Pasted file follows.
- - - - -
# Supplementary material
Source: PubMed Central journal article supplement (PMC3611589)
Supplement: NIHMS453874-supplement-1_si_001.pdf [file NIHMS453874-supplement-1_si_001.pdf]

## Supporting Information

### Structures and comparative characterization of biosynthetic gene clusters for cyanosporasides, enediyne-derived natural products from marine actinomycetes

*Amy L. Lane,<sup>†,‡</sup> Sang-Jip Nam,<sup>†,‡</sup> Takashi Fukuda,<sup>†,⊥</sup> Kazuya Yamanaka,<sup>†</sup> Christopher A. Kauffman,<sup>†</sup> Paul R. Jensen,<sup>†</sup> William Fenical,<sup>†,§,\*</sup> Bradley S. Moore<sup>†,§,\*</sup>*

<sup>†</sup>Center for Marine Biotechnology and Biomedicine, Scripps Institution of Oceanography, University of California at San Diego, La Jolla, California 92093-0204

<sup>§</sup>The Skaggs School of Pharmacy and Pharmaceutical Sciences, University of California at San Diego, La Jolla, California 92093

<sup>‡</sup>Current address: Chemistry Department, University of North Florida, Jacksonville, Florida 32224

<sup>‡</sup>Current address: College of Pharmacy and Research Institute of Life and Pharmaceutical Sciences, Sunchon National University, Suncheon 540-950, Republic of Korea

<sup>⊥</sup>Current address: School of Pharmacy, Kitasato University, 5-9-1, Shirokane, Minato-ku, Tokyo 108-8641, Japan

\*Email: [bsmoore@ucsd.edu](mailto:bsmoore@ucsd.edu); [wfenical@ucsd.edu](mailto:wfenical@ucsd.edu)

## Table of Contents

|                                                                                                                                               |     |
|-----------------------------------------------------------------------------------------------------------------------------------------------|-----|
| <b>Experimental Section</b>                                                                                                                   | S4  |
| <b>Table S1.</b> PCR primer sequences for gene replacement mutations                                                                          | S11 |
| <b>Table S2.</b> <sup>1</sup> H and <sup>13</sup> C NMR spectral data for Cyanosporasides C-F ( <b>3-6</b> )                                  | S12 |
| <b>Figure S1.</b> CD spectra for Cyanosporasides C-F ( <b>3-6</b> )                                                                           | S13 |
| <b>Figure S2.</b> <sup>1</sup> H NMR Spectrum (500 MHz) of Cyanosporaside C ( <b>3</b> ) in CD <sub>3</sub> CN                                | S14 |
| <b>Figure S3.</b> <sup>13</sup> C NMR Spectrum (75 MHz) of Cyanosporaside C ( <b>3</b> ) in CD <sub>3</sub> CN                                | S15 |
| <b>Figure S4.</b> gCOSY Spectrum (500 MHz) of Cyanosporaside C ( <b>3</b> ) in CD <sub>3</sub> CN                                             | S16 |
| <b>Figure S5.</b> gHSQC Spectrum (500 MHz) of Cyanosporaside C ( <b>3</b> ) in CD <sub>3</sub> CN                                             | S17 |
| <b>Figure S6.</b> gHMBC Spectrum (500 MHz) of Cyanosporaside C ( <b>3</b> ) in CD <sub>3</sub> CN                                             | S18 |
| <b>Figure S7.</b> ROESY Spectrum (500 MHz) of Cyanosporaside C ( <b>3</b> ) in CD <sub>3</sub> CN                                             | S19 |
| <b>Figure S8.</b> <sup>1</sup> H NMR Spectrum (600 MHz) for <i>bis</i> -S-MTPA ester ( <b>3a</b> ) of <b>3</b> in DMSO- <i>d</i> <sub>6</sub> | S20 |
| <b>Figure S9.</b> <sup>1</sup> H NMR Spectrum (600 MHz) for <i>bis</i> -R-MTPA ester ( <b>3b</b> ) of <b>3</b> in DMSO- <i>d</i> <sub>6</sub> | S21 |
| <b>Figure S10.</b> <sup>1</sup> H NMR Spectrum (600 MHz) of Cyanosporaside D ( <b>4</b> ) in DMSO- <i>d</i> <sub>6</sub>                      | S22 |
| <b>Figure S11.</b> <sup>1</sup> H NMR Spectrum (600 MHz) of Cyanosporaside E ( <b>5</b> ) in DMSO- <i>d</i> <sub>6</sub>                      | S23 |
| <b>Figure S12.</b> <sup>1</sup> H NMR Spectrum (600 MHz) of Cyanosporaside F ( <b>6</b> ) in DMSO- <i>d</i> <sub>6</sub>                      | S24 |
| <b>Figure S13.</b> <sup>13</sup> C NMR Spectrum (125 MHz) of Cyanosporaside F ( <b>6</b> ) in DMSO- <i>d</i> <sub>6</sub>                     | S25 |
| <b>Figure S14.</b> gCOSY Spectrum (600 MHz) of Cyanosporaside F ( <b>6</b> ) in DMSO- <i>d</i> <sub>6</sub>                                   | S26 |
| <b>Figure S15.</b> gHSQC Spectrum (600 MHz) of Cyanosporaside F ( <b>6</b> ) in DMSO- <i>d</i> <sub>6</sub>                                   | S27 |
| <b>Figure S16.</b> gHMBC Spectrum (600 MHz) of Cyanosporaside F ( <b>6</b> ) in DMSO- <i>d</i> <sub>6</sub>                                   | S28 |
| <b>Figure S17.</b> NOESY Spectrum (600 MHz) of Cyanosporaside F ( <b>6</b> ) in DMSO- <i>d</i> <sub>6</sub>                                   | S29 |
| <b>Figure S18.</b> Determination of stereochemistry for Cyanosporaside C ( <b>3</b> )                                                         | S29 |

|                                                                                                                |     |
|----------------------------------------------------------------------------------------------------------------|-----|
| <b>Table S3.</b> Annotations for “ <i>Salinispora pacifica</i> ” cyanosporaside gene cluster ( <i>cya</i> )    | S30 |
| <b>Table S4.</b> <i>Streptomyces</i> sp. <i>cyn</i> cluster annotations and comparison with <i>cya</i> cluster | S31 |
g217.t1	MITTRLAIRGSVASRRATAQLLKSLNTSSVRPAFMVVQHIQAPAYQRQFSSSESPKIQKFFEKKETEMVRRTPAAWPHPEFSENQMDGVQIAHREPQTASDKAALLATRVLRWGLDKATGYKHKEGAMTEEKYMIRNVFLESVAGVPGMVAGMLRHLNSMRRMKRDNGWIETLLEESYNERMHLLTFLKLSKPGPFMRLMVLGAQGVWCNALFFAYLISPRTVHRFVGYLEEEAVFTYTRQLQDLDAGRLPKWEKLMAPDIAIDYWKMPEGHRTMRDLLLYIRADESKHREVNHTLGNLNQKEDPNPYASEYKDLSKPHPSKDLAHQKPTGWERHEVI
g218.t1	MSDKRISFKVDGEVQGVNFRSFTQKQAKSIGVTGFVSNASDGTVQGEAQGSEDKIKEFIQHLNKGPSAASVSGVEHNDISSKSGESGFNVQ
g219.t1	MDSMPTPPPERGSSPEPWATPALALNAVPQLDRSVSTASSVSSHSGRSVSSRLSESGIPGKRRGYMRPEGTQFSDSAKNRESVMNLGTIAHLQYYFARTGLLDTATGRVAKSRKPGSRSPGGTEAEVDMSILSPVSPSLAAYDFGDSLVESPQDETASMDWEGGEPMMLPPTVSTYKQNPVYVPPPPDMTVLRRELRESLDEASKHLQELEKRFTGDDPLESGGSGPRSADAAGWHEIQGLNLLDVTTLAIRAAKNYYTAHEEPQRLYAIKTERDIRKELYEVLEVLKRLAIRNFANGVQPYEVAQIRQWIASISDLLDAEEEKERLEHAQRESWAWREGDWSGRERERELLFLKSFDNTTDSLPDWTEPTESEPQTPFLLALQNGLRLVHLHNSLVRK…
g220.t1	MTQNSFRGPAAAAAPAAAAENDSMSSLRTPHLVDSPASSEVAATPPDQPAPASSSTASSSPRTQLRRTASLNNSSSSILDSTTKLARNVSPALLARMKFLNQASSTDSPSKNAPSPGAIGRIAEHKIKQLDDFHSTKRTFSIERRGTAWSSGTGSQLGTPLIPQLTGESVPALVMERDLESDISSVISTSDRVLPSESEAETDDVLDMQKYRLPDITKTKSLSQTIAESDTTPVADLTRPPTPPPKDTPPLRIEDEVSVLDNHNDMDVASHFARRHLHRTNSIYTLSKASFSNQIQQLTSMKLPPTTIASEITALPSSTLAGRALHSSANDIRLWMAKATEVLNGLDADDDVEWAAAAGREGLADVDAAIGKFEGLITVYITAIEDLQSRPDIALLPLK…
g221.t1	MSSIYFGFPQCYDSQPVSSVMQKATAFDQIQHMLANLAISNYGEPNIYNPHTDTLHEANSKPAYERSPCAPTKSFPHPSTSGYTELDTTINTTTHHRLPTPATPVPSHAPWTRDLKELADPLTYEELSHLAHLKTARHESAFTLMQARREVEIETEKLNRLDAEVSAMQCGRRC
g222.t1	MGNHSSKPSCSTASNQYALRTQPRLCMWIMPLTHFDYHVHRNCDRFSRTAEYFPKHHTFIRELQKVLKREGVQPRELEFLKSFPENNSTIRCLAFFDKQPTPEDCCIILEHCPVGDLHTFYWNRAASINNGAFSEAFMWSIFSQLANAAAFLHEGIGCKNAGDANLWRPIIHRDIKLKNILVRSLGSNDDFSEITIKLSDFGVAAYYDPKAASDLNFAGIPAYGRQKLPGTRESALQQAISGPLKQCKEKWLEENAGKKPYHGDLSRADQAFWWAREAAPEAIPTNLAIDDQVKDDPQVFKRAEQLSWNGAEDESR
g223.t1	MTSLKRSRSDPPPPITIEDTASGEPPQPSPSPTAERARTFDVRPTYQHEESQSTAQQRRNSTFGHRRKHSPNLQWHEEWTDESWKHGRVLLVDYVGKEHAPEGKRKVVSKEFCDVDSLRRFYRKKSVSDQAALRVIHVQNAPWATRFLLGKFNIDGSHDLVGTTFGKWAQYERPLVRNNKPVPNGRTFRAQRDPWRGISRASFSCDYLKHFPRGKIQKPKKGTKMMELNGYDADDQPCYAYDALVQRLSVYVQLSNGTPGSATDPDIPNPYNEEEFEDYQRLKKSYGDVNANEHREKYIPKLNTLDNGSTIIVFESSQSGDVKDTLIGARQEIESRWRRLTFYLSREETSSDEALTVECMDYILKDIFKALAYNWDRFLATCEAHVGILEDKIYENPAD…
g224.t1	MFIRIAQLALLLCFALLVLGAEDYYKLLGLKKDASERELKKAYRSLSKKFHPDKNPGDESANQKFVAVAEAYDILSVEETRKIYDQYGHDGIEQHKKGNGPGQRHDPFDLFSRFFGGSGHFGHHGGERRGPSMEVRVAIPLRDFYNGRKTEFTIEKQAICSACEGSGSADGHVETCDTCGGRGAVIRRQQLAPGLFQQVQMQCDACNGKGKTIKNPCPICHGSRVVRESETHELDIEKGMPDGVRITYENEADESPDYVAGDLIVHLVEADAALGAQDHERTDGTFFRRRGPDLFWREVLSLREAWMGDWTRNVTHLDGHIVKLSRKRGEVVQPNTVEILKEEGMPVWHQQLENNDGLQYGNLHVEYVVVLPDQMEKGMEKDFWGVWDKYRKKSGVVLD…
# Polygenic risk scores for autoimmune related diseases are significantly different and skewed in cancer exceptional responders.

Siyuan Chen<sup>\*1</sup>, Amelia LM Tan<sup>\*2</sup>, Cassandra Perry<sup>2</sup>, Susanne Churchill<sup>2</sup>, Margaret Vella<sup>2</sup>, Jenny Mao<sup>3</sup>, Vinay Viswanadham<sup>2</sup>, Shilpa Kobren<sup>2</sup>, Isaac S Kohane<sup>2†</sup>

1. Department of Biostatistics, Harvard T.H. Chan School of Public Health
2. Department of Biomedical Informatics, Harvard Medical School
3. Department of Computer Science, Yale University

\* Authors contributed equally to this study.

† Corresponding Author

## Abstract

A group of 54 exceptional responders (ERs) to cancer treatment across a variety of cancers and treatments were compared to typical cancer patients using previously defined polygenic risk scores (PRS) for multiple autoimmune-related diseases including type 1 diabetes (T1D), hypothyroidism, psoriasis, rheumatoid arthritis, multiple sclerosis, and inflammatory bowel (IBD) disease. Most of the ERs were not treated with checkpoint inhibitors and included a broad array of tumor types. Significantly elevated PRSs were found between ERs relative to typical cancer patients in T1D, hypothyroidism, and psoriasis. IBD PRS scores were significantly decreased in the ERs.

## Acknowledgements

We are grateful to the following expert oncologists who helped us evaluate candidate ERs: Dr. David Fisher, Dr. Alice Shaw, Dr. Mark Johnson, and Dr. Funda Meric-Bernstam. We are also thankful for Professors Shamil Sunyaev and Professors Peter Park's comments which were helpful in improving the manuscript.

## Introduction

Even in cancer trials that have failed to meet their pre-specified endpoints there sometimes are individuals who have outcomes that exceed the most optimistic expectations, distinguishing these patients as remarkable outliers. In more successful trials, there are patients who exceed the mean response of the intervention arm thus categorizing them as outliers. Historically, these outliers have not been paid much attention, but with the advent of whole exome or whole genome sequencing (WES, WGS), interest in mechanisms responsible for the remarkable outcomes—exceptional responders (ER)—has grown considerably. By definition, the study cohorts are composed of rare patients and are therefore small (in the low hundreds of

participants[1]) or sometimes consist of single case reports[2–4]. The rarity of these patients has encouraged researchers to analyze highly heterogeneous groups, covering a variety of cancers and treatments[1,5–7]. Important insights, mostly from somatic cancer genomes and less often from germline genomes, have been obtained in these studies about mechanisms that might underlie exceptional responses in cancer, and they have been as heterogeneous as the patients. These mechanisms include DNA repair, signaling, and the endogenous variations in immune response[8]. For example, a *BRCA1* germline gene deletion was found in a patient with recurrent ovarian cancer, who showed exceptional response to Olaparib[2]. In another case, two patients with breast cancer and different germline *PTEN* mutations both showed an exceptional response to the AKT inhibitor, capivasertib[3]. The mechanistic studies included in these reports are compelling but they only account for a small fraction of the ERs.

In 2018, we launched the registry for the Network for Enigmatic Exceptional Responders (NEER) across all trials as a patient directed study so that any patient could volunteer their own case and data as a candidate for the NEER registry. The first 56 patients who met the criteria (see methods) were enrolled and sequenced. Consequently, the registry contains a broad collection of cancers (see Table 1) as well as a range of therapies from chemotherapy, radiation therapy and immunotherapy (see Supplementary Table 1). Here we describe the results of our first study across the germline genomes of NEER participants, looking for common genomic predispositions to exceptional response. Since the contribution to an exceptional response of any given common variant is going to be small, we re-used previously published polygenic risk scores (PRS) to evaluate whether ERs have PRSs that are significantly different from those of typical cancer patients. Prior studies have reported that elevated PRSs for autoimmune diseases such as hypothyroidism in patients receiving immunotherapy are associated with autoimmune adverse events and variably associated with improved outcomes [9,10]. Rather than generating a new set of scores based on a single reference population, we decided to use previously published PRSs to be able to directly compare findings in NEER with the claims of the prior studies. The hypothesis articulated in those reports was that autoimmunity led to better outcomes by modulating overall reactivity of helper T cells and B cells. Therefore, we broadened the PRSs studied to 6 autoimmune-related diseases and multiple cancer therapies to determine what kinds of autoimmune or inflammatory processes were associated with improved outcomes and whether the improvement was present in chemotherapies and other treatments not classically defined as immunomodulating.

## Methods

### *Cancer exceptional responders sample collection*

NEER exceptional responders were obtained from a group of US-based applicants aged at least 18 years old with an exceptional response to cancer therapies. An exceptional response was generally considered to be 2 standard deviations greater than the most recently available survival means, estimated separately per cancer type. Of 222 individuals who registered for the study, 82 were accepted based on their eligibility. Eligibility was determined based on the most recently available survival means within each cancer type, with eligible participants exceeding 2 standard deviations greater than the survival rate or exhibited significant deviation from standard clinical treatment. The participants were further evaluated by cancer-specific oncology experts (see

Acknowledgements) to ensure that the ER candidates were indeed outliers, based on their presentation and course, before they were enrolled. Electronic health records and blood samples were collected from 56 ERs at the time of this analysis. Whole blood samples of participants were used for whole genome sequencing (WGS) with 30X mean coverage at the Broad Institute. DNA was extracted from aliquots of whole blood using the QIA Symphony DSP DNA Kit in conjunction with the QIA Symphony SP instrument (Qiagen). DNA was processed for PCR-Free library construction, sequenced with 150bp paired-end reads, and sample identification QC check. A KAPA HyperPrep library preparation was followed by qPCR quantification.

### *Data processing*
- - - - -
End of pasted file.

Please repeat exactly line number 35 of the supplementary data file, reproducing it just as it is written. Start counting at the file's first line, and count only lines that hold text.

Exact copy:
| <b>Figure S17.</b> NOESY Spectrum (600 MHz) of Cyanosporaside F ( <b>6</b> ) in DMSO- <i>d</i> <sub>6</sub>                                   | S29 |